Ok, so the Mormon faith believes that we were all souls in heaven with God before we came to this world? I do have another question after this question, but I was going to wait and see if I was correct with my understanding of this.
yes, this is true. It’s called the pre-mortal existence, pre-existence, etc. We are all the spirit children of God the Father, including Jesus Christ and Satan, and lived with him before being born on the earth.
How do they explain allowing abortions in certain circumstances? If we are spirit children before we are conceived, why would God had made the mistake of letting the girl get pregnant in the first place with one of his spirit children if it was just going to be killed? No matter how they look at it, it does not make sense.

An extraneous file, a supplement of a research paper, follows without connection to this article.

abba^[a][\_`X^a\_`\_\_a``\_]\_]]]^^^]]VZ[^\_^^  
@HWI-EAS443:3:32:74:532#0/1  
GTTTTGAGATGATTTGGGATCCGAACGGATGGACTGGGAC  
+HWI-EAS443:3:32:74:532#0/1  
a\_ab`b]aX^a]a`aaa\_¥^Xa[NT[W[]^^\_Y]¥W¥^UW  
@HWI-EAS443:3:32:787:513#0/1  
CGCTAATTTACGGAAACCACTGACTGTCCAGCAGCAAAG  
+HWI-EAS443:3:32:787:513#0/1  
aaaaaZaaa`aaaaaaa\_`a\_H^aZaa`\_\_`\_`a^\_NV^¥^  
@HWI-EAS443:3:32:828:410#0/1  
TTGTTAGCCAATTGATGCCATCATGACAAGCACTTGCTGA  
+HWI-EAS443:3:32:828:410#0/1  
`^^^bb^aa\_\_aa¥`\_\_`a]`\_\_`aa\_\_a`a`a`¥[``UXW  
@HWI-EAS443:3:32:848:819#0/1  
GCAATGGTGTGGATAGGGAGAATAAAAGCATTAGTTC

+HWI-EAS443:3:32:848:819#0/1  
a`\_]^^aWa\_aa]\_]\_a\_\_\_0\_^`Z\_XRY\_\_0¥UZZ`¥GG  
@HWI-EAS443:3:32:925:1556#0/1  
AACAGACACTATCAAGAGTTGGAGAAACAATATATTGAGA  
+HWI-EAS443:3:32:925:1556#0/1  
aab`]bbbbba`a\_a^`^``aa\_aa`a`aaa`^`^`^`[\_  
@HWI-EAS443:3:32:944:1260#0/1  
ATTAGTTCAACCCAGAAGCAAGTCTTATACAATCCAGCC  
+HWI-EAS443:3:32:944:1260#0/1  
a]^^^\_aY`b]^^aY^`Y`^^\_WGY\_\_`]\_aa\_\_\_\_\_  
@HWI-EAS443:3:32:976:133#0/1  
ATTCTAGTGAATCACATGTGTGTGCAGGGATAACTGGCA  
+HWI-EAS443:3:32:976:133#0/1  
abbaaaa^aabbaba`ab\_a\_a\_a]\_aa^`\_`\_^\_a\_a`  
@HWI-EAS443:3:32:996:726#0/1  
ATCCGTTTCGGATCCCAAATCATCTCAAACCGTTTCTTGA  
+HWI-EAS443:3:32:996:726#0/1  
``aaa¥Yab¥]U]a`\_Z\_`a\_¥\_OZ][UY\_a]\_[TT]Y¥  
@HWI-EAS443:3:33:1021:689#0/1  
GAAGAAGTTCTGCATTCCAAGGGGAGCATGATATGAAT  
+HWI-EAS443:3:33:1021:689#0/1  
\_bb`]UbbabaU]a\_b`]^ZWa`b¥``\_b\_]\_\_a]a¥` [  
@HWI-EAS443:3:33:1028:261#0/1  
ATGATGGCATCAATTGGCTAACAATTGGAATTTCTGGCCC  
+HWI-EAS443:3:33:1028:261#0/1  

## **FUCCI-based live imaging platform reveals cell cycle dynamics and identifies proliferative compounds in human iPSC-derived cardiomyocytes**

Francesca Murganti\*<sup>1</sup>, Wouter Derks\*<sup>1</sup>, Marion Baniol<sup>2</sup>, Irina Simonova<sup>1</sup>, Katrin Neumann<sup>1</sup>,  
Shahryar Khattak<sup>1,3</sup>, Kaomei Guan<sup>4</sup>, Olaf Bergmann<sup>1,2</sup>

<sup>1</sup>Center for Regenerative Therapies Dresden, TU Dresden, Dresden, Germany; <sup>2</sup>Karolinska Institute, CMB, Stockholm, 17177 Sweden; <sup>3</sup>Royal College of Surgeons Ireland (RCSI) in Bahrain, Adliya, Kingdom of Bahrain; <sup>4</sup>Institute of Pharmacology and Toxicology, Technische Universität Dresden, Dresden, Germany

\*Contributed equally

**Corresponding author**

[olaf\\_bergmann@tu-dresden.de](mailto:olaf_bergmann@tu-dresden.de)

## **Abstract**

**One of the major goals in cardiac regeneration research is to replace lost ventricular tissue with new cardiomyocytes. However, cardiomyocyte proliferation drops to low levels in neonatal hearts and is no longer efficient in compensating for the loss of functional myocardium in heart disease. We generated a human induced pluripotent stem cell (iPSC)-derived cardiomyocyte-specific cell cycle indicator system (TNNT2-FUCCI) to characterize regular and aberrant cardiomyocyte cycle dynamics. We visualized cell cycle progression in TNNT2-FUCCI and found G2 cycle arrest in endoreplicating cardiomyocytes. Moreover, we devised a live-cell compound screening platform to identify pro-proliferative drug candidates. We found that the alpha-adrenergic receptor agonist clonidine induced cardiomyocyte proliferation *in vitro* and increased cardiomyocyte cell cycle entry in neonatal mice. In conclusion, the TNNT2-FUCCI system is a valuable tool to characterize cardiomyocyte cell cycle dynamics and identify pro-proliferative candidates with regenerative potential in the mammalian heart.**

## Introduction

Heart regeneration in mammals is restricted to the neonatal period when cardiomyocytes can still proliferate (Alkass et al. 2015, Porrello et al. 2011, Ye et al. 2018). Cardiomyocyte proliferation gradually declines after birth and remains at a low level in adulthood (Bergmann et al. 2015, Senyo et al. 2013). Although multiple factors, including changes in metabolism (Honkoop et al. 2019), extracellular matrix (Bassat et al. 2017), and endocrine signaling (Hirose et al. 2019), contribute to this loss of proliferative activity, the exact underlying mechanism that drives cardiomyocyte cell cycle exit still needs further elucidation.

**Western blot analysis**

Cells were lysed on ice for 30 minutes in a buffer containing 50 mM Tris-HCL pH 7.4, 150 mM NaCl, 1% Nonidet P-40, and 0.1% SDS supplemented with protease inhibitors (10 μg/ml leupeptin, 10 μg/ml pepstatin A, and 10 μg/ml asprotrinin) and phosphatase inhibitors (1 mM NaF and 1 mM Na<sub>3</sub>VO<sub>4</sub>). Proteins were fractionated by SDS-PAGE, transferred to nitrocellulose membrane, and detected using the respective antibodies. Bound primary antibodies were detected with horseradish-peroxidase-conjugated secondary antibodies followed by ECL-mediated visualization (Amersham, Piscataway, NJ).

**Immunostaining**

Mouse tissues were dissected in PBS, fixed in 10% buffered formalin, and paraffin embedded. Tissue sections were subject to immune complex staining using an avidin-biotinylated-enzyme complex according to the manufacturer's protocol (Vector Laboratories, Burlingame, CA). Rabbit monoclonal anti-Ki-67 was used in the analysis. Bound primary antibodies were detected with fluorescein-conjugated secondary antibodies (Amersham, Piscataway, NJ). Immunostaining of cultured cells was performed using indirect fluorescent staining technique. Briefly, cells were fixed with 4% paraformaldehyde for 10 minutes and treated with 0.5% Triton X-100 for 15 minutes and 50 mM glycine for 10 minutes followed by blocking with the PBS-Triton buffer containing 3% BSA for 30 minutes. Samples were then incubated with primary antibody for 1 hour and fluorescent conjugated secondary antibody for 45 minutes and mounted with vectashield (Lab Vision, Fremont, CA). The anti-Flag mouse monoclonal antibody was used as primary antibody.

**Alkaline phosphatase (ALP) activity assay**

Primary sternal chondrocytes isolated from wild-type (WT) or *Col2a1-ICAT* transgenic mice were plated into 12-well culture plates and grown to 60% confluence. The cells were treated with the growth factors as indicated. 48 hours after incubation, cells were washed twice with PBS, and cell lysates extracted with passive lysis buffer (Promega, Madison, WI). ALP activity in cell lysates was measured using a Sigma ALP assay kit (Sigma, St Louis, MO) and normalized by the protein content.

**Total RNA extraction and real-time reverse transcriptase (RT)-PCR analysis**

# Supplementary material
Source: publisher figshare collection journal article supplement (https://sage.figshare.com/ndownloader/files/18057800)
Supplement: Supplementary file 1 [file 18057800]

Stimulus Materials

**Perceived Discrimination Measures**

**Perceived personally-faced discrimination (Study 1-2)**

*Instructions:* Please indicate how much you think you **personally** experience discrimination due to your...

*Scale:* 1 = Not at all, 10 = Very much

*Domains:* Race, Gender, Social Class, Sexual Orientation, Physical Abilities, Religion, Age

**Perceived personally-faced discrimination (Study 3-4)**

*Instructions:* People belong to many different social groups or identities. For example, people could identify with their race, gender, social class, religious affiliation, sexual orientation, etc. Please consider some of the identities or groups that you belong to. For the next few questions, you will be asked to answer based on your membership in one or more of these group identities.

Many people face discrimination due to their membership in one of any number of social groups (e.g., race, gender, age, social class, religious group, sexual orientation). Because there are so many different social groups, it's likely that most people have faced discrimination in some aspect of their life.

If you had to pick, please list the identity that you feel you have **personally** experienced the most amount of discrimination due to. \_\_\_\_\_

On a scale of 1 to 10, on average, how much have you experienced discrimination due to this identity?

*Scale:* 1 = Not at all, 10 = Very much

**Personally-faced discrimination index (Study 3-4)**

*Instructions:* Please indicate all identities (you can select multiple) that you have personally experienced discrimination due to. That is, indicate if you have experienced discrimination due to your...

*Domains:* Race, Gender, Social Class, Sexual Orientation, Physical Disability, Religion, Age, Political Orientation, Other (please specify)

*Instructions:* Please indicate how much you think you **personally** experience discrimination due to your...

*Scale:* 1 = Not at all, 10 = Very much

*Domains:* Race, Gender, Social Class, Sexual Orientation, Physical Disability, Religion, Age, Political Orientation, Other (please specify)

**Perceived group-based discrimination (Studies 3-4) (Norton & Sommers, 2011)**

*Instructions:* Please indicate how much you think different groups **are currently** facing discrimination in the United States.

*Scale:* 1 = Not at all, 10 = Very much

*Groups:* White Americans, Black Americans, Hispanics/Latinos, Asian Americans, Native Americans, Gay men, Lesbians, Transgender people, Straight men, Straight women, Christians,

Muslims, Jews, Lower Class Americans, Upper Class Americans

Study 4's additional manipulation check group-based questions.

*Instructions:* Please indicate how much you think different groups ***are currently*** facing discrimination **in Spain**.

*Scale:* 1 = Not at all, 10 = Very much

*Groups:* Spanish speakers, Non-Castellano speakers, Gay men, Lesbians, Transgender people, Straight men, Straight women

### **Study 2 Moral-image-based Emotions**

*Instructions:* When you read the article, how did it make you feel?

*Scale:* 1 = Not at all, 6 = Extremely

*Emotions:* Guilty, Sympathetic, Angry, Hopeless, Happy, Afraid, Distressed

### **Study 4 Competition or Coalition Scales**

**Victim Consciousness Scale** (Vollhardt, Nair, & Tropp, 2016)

Well, I will admit that this one was a surprise. I thought you were setting us up for quite a different thing…after all, you are quite aware of our beliefs in this area.
Girly, our past conversations do not lead me to expect much, but…your claim that our belief in a pre-existence makes any thought of abortion in any circumstance a senseless one is illogical. It doesn’t make sense.
In fact, such a belief would make decisions to abort under circumstances more allowable, not less. Since we believe that our spirits existed before our conceptions, then we must believe that at sometime during the pregnancy that spirit must join the body of the child; body and spirit were not created together at the time of conception, as you evidently believe.